Backup tips

The most important thing that you can do to insure the long term success of your computer installation is to maintain a regimen of normal, periodic backups. Accurate backup is just as important as accurate data entry.

Internet backup has become my preferred backup medium, and is my recommended choice for the following reasons:

  1. Archival
    The past 30 versions of each file are retained
  2. Inexpensive
    Free for the first 2GB and $100.00 per year for 50GB
  3. Automatic (Daily) (Recommended for database/accounting applications)
    Files backed up at a specific time each day
  4. Automatic (Continuous) (Recommended for creative/word processing applications)
    Files backed up as they change
  5. Accessible
    IDRIVE created archives can be accessed from any web browser at any time
    You can have access to that important spreadsheet on your office computer when you are on the road
  6. Easy to Use
    Simple, windows style interface for file restoration
  7. Fast (Depending on internet speed and after initial backup)
    Only the files that changed are backed up

Why do I need to backup?

You need to backup the information on your computer system because things go wrong. Having adequate backup will insure that the lost or corrupt information can be replaced immediately.

Losing your entire computer system (through hardware failure, fire, theft, lightening strike, etc.) is actually not the worst thing that can happen. When those events occur, you simply replace the lost or damaged equipment and reload from backup! It usually only takes a few hours to fully restore a system.

Programs such as spreadsheets and word processors seem to corrupt files continuously. (I write all of my accounting programs using Microsoft Word 6.0 for Unix. This obsolete program allows me to write up to 200 lines of programs per hour, but the hidden cost is an average 3-5 corrupt program files per week!)

An operator can inadvertently delete or rename files.

The index to a database file can become corrupt and perform incorrect updates, often destroying an entire database days before the program itself actually crashes.

Backup a much information as you are willing to lose.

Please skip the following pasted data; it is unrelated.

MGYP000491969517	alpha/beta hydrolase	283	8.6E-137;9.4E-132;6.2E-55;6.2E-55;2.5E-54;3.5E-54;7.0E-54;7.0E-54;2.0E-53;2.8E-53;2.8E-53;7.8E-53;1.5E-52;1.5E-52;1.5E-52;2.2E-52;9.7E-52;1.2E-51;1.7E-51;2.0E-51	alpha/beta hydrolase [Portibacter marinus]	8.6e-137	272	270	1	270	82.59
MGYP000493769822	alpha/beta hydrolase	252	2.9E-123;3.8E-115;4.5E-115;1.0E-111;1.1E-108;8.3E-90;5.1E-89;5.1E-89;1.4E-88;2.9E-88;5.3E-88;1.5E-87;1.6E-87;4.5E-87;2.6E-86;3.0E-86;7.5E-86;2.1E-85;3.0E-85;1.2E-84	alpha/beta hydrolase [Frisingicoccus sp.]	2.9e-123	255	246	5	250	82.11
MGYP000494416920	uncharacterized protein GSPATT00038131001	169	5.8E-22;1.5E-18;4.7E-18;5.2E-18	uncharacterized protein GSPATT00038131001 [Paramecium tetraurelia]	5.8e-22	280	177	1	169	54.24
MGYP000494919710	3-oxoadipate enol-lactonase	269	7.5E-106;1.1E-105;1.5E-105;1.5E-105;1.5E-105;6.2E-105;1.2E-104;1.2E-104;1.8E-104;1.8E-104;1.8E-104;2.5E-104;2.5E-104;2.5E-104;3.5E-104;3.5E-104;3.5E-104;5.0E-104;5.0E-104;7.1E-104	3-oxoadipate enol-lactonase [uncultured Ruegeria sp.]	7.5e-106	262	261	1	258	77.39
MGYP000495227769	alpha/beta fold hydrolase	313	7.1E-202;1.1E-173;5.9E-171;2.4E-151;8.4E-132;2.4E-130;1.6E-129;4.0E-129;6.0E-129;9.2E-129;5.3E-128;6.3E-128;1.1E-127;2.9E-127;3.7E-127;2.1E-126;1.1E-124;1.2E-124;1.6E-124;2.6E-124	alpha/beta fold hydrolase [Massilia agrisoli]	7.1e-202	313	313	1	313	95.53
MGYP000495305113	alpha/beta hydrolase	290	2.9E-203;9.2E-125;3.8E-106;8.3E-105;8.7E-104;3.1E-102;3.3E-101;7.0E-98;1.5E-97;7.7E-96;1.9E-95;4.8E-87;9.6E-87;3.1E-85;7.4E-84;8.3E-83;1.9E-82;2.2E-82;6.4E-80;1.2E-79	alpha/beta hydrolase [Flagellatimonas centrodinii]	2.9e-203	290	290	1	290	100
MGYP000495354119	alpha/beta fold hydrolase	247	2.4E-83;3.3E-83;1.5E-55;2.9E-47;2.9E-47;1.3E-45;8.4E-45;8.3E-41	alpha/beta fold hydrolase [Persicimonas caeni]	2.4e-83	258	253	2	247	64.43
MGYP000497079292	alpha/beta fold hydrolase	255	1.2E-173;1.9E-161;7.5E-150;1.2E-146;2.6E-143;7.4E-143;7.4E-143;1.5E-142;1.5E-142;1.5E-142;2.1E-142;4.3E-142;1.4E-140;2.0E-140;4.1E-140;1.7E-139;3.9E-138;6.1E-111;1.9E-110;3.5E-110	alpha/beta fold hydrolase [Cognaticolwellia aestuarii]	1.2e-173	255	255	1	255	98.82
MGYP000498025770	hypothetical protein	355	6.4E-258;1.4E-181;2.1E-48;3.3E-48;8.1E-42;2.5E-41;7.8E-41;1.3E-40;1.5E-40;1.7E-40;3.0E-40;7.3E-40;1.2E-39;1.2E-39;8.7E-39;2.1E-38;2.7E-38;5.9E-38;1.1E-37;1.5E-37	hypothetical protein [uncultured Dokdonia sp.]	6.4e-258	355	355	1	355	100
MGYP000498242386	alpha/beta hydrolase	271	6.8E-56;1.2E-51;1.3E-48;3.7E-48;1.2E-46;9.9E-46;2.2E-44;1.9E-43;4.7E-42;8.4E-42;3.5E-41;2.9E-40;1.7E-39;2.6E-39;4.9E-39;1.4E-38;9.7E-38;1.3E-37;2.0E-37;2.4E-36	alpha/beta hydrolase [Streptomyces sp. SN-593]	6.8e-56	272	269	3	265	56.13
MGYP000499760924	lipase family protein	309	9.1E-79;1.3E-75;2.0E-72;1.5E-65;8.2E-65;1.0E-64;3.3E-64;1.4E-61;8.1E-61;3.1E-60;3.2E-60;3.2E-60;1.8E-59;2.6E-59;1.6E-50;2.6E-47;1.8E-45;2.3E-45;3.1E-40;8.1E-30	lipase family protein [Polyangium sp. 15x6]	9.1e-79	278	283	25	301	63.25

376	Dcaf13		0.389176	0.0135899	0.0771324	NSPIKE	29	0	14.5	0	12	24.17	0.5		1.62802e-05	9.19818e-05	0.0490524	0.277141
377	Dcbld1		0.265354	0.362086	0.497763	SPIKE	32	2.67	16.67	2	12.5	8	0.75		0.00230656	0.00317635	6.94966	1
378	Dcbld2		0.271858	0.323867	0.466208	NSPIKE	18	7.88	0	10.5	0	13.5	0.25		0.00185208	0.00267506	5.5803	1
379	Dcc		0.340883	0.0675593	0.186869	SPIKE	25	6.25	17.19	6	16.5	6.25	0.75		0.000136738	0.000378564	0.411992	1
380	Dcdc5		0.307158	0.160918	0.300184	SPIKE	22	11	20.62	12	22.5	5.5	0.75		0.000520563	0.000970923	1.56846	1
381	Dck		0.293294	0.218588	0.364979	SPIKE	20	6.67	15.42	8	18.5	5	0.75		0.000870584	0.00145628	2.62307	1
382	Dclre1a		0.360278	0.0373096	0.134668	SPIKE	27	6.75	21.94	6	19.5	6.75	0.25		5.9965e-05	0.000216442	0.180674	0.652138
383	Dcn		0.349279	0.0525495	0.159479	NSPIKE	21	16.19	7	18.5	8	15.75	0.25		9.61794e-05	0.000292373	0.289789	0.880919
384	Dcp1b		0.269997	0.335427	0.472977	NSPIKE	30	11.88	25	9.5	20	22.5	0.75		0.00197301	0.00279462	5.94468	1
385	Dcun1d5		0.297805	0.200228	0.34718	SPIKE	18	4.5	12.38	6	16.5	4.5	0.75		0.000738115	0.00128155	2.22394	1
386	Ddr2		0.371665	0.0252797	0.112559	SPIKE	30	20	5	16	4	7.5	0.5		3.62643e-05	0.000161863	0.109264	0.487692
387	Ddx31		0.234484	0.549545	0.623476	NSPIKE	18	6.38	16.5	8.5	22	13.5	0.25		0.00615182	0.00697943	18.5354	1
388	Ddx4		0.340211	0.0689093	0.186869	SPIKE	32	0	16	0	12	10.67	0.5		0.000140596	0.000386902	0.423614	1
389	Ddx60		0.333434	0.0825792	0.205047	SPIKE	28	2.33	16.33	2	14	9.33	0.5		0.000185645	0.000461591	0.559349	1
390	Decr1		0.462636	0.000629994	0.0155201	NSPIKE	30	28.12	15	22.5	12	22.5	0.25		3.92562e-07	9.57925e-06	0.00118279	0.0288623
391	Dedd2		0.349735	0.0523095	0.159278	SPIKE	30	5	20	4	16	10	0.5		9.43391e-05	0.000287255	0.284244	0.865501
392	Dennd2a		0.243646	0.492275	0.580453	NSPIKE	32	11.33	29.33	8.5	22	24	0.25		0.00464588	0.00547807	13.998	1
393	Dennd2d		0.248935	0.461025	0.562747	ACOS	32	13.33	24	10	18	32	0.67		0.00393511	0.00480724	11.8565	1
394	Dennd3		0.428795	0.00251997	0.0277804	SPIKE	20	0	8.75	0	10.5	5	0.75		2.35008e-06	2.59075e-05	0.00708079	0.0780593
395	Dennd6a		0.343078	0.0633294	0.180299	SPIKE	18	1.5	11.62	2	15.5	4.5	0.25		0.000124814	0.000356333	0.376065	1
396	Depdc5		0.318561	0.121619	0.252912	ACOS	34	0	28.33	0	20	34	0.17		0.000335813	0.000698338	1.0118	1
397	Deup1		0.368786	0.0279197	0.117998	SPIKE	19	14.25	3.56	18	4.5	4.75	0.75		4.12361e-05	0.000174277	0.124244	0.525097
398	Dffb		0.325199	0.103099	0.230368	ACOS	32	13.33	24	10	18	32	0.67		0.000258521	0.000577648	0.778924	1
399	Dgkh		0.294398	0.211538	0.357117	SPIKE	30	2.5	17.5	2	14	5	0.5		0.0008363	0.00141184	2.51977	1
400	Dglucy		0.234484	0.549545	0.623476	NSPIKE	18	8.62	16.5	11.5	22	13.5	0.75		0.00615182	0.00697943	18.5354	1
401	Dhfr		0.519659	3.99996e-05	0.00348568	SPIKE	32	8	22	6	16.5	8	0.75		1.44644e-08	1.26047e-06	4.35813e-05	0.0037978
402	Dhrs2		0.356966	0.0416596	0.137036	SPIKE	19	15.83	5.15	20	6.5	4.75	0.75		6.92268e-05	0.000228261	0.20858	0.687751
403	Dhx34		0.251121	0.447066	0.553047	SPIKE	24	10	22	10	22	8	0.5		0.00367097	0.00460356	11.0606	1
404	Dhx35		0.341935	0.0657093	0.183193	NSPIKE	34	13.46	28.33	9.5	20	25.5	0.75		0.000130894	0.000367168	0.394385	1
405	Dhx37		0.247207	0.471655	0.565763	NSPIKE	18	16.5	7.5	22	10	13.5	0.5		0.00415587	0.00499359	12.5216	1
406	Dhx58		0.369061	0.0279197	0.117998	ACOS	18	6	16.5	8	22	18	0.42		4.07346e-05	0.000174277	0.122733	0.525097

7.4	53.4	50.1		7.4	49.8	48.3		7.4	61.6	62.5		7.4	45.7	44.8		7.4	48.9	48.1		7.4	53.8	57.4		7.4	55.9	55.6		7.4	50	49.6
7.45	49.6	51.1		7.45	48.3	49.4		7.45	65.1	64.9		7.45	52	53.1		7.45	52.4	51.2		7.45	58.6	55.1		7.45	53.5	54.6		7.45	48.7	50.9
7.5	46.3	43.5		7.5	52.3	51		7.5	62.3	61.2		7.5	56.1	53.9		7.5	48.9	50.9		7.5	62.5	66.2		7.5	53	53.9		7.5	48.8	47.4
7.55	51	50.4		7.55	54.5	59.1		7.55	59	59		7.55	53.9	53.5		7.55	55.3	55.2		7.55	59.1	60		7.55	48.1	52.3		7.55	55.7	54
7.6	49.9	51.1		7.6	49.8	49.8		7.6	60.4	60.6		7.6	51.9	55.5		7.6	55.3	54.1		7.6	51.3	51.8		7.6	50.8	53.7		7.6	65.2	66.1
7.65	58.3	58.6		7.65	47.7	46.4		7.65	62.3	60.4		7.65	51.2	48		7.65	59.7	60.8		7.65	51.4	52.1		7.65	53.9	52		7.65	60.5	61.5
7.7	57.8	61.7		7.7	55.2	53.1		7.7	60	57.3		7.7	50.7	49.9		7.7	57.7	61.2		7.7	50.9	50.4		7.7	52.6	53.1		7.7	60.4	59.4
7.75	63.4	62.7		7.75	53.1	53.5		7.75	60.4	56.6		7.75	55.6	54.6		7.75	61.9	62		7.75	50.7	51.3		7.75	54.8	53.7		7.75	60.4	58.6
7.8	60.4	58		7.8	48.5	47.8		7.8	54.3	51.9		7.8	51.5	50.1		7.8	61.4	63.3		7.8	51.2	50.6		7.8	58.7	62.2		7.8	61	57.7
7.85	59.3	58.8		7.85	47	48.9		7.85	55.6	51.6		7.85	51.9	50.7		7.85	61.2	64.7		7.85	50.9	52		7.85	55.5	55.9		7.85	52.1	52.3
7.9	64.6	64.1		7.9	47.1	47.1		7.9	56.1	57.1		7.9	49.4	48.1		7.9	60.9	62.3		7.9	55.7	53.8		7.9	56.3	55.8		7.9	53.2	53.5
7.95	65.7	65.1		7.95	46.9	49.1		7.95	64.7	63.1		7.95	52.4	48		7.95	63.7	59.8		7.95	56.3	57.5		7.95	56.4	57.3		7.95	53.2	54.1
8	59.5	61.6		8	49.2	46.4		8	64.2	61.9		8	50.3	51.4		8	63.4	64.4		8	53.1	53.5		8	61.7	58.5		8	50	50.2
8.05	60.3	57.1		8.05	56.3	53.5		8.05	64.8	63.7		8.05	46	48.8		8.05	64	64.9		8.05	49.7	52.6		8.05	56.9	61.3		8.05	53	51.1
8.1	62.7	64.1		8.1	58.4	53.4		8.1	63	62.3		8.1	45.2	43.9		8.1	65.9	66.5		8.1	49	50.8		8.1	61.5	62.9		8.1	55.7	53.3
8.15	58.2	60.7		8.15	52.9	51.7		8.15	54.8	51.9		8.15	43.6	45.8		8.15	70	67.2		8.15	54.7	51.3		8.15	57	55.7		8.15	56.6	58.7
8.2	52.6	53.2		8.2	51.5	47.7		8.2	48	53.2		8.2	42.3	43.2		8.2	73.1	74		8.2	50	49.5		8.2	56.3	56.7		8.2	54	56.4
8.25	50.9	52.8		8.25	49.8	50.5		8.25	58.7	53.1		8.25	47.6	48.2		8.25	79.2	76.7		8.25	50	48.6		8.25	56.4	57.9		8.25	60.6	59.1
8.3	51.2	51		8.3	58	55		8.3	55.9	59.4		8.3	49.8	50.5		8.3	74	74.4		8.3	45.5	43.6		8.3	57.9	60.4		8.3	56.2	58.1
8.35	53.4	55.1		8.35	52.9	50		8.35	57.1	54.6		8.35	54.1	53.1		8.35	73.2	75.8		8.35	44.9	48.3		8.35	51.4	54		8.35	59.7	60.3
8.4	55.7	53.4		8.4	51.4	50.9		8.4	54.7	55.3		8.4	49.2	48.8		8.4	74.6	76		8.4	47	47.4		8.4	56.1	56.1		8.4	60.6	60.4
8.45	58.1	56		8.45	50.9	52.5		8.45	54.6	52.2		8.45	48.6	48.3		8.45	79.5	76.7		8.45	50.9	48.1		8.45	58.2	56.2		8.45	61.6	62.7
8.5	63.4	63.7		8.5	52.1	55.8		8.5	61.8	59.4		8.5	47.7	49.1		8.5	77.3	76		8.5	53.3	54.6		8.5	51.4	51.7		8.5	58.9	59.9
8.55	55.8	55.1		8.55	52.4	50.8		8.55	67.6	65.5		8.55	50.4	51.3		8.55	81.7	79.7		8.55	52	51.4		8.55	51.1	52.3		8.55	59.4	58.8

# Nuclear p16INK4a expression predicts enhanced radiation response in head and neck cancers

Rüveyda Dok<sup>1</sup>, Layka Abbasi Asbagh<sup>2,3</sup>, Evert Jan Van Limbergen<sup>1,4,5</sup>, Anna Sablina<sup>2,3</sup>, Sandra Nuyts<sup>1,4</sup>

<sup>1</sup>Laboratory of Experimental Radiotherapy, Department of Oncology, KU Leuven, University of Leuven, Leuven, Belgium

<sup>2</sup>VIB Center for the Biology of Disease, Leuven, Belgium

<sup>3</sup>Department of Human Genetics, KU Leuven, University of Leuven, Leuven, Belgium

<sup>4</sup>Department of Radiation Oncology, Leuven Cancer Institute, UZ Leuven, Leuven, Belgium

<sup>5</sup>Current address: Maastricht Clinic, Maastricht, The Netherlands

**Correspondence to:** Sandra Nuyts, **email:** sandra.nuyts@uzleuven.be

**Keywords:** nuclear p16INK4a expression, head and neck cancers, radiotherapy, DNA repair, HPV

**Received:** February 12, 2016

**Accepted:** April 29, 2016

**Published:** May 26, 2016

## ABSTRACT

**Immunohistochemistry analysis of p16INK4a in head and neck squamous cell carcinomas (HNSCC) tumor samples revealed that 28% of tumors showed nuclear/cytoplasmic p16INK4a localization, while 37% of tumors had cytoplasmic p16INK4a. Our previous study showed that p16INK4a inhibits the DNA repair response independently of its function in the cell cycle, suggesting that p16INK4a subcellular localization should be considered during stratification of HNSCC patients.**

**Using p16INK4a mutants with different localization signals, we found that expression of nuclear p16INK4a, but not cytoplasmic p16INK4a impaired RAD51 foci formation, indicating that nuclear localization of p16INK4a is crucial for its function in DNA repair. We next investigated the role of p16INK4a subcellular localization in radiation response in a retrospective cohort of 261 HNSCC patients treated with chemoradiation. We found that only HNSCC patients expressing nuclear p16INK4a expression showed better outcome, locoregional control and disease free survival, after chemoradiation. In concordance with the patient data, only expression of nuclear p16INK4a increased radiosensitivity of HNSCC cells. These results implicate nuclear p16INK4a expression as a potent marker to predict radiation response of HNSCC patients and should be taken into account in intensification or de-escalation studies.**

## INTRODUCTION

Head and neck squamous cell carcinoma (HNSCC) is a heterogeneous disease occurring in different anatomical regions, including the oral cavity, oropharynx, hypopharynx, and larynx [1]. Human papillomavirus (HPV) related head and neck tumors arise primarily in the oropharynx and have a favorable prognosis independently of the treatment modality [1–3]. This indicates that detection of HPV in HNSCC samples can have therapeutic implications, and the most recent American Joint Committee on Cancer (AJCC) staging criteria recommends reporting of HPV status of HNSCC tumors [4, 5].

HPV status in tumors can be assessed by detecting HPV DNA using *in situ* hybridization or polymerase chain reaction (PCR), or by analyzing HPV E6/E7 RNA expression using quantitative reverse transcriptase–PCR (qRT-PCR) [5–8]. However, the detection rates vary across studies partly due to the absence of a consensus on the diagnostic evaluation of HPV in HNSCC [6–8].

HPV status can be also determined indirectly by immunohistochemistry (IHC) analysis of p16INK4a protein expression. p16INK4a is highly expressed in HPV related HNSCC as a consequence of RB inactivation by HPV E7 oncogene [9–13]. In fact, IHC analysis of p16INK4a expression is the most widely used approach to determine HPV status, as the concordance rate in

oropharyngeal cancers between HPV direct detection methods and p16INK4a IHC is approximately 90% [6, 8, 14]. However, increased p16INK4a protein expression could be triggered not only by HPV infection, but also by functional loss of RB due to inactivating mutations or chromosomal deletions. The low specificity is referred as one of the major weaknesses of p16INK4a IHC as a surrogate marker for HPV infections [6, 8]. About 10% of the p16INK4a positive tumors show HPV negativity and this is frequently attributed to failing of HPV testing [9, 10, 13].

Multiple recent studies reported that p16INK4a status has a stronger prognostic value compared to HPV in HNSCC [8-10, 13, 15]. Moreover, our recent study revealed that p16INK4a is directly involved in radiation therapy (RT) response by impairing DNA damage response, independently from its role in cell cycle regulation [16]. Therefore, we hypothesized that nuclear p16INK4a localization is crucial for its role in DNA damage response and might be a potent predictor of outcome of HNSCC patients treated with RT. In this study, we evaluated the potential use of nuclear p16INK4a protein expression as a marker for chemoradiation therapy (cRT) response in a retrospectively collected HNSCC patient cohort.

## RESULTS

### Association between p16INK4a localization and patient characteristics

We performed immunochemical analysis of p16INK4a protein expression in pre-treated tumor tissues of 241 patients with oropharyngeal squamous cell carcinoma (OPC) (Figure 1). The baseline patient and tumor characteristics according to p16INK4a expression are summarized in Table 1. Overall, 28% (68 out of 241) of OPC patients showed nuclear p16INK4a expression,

Backup frequency varies by installation. A company with 20 operators on two shifts must backup every day. A one person office probably needs to backup once a week or less.

Rotate your backup medium.

The biggest mistake regarding backup that I see is failure to rotate your backup medium (tapes, disks, etc). (See backup rotation schedule). It is not unusual to discover a corrupt file days or weeks after it became unusable. Yesterdays' backup will not solve the problem. You need last Thursdays' or maybe even a backup from October.

The best backup rotation schedule.

This backup technique requires 10 tapes/disks and will insure that a data file can be recovered even if it was corrupted up to 3 months ago. Create the following labels and attach them to the backup tape:

Friday 1-7: January, April, July, October
Friday 1-7: February, May, August, November
Friday 1-7: March, June, September, December
Friday 8-14
Friday 15-21
Friday 22-31

Leave the Monday through Thursday tapes at the office. Take all of the Friday tapes home. Use the tape that matches the day to be backed up.

Additional safety measure.

Make a full system backup at fiscal year and store the tape as long as you store your written accounting records.

Put label on the tape.

The date label should be attached to the tape itself, not the tape box. This will eliminate the problem of mixing up tapes that are out of their respective boxes.

Keep your backup tapes off site.

If your office is hit by fire, flood or theft, there is an excellent chance that you will not only lose your computer system, but all of your backup tapes. Your computer is insured. Your backup tapes are insured. The data on the tapes is not insured. Keep your weekly/monthly/annual tape backups at home. Only bring in the tape that is needed that day.

Backup your entire file system.

A backup tape should contain every piece of information that your computers' hard drive contains. If any component of your system becomes lost or corrupt, it can easily be reloaded.

Verify your backup.

Most backup routines offer a verify option that compares the information on the tape to the information on the disk. This will detect disk drive, tape drive and tape media errors before they become catastrophic.

Clean your tape drive on a regular basis.

Tape drive manufacturers recommend cleaning on a weekly basis. A clean drive will result in less data read / write errors.

Use automatic backup processes whenever possible.

Most operating systems include an automatic backup option. Their use will allow unattended backups to occur during the late night/early morning hours when the chance for operator activity is less likely.

Read your mail.

Most automatic backup routines will mail the results to you. Read the mail. Did the backup complete successfully? Where there any read or verify errors?

What makes me an expert.

I have been selling, installing and supporting multiple user accounting systems since 1978, 3 years before the IBM PC was released! I have had to deal with hundreds of cases of lost or missing files, file corruption, system crashes and outright hardware failures. Clients that follow my advise HAVE NEVER lost ANY information.